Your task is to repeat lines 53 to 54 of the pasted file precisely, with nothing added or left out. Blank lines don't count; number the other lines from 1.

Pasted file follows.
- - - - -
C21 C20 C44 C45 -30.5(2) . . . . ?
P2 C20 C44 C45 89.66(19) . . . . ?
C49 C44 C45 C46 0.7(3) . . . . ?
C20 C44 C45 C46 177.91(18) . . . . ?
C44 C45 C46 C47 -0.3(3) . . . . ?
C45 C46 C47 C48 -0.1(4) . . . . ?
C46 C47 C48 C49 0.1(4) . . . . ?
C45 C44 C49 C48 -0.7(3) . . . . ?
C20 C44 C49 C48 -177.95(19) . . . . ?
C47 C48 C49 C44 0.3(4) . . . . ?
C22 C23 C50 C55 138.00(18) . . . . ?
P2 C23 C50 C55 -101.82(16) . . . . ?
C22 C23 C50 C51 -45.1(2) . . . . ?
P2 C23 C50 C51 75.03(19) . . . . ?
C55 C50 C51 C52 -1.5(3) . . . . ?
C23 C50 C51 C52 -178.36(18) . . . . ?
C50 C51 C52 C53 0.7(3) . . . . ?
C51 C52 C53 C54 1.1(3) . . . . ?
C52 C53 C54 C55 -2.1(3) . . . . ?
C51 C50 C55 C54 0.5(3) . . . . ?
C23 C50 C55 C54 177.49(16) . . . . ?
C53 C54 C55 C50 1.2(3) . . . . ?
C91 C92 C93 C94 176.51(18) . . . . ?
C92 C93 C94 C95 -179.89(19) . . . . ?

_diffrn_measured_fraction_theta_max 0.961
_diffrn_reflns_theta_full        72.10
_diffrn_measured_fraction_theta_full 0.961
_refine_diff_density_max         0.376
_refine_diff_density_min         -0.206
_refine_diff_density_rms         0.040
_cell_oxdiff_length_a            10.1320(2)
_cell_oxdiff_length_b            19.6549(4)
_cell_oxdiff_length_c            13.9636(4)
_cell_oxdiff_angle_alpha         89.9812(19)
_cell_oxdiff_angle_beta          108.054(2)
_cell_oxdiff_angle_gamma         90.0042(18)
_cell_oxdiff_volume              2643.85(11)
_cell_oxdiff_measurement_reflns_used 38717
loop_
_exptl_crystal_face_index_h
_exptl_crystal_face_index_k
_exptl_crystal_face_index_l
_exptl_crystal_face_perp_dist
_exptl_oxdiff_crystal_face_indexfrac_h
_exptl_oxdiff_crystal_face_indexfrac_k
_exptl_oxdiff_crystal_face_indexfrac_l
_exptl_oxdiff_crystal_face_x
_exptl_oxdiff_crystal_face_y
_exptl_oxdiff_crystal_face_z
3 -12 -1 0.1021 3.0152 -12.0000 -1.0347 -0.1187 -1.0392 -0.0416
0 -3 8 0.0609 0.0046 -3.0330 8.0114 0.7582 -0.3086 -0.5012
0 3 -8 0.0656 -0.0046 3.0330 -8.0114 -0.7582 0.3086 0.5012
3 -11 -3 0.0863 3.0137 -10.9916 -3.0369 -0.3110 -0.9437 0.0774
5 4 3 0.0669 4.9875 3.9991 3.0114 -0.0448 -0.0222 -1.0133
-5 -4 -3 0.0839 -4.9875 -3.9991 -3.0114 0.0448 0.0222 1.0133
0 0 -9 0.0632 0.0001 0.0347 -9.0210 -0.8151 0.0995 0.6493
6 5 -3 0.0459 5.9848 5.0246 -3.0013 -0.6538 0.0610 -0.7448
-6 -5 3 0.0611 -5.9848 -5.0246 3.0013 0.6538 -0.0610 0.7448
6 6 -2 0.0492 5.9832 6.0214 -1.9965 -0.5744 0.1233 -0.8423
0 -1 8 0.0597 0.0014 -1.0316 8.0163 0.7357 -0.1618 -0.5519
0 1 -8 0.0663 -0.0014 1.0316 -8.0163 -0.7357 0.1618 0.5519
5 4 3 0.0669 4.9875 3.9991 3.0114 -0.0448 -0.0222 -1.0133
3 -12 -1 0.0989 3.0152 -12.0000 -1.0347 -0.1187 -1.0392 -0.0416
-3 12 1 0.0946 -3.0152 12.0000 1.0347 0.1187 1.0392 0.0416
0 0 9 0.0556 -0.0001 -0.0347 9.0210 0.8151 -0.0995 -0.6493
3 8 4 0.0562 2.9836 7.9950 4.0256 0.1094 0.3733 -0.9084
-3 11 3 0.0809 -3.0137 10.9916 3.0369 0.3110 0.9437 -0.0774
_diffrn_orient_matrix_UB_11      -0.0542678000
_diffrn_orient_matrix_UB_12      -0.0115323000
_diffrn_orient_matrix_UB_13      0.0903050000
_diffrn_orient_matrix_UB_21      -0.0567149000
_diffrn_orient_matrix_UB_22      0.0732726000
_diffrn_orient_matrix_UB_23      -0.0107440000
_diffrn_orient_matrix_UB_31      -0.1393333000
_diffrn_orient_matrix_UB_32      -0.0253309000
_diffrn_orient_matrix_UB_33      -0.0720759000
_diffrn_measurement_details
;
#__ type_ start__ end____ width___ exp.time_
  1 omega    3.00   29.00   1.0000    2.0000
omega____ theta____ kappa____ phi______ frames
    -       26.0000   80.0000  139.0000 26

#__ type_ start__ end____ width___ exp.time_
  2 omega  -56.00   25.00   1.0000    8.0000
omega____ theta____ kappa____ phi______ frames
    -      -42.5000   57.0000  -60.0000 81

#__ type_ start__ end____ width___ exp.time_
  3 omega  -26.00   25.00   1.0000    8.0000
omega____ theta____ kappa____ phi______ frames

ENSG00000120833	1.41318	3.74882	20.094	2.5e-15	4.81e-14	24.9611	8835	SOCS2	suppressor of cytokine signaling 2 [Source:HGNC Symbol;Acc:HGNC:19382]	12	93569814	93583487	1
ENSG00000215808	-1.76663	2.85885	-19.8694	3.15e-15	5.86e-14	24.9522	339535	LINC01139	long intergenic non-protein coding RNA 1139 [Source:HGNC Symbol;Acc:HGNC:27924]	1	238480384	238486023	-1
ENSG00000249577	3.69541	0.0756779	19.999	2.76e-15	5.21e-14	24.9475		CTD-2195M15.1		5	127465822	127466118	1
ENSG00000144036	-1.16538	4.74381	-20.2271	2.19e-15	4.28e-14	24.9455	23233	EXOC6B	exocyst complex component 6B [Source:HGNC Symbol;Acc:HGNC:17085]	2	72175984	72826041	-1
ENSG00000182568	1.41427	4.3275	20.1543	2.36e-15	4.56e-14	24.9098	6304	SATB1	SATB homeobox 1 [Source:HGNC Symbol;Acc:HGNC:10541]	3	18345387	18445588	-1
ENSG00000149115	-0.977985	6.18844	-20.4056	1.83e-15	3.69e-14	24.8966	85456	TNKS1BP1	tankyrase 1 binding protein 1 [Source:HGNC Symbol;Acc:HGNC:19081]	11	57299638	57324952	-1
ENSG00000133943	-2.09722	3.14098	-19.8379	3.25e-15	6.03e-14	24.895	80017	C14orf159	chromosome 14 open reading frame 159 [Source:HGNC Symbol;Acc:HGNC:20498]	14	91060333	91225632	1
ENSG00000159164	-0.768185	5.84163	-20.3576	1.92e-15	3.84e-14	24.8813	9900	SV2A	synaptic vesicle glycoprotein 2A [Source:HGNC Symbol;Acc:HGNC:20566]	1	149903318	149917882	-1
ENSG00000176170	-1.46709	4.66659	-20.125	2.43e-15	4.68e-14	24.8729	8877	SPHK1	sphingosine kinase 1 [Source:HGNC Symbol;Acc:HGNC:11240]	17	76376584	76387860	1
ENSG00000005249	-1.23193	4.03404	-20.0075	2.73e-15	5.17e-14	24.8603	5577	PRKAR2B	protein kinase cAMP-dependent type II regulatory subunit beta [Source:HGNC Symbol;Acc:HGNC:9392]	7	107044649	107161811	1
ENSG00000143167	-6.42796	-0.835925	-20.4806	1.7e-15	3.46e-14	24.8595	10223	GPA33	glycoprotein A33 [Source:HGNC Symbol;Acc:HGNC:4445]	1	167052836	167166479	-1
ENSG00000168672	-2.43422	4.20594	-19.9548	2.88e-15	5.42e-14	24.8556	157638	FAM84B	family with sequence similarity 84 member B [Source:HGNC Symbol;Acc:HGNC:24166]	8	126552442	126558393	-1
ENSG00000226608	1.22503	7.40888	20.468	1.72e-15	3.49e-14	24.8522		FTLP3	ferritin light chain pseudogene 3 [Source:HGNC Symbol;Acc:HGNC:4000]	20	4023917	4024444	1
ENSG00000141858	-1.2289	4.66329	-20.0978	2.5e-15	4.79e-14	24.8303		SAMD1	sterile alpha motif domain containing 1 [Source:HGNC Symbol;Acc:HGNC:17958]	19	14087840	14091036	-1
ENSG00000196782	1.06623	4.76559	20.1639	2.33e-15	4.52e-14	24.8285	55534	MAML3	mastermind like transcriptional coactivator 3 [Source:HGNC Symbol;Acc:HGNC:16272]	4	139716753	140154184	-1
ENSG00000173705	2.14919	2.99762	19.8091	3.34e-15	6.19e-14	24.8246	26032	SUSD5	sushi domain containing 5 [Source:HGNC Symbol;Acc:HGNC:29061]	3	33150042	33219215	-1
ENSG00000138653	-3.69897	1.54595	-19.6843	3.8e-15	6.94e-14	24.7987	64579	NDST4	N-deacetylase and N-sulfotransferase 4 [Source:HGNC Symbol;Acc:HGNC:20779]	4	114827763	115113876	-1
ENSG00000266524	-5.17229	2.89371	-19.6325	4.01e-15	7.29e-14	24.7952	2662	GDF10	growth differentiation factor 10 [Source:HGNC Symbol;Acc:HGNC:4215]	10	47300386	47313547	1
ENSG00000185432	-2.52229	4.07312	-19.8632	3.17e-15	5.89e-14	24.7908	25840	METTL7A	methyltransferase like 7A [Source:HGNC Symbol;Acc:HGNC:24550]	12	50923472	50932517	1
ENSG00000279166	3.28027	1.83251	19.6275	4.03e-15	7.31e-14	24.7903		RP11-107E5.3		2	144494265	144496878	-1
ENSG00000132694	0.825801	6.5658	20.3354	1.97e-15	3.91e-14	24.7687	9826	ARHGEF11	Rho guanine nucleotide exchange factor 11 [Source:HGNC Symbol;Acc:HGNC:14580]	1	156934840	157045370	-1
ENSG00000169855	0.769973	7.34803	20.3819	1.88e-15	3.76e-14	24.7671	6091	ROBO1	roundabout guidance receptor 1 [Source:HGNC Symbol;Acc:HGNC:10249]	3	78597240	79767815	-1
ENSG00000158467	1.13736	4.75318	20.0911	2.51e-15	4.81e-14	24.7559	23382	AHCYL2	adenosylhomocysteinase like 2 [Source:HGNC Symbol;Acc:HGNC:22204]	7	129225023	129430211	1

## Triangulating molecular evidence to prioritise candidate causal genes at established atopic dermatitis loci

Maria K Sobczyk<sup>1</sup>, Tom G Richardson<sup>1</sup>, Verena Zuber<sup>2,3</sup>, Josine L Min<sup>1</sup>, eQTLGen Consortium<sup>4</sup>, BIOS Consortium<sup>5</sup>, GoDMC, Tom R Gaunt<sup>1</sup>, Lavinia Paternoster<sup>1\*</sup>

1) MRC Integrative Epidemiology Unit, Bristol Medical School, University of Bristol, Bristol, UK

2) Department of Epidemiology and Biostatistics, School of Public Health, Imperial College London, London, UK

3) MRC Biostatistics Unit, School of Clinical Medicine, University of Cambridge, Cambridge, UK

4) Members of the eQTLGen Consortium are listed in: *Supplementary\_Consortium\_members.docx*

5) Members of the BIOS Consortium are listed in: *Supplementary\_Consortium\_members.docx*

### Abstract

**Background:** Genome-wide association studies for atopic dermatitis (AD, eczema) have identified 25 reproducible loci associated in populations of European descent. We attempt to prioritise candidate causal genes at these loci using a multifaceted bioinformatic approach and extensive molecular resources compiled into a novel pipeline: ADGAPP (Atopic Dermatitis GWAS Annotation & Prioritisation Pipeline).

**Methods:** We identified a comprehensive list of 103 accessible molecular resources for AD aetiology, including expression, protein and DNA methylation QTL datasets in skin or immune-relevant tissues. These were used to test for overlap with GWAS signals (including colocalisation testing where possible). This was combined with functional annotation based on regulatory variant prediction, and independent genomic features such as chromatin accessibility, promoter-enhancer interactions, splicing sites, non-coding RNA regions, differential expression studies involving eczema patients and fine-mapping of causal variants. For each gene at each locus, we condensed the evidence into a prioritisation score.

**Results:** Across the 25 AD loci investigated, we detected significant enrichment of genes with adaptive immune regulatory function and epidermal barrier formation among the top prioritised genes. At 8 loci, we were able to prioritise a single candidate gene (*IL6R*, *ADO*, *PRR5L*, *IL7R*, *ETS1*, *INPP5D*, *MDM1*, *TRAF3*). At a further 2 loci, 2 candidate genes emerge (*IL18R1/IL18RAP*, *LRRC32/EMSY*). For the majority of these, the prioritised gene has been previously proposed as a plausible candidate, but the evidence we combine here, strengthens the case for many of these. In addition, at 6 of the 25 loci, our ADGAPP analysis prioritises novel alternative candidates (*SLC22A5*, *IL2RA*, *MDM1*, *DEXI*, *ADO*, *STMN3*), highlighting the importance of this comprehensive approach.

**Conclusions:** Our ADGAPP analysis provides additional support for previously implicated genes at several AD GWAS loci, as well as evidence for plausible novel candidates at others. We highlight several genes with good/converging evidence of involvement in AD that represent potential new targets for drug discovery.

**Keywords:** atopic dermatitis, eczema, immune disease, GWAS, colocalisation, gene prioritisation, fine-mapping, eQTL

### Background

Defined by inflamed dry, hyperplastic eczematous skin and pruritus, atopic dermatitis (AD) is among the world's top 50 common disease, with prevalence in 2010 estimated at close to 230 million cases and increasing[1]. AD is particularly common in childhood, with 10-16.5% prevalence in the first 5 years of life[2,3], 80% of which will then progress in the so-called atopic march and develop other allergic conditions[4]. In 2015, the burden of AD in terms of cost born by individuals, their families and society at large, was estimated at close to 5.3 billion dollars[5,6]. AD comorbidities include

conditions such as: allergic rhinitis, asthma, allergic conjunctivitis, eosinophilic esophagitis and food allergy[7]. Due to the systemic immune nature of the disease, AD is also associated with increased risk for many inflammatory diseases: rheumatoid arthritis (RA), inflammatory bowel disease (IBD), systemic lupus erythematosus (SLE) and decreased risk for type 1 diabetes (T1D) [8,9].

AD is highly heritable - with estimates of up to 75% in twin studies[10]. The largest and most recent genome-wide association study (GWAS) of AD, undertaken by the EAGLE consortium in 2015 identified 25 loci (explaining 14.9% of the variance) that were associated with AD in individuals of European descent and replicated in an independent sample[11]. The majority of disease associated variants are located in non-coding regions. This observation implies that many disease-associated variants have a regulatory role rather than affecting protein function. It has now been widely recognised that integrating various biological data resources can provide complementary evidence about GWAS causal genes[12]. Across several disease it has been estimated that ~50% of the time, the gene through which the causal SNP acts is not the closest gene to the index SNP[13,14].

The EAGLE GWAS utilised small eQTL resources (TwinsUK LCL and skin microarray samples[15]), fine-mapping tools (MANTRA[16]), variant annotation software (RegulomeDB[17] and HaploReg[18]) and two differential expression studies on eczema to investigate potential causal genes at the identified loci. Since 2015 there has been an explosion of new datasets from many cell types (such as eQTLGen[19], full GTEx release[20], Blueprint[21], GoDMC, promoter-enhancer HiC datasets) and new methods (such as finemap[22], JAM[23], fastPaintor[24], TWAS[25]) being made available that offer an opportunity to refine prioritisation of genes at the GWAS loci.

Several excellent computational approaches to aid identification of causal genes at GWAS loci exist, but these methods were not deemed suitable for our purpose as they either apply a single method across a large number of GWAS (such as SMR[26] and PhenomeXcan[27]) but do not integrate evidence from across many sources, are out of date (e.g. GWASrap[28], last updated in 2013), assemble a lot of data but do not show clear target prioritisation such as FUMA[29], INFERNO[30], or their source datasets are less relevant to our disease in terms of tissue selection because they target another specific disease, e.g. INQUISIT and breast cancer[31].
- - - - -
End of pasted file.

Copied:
3 -11 -3 0.0863 3.0137 -10.9916 -3.0369 -0.3110 -0.9437 0.0774
5 4 3 0.0669 4.9875 3.9991 3.0114 -0.0448 -0.0222 -1.0133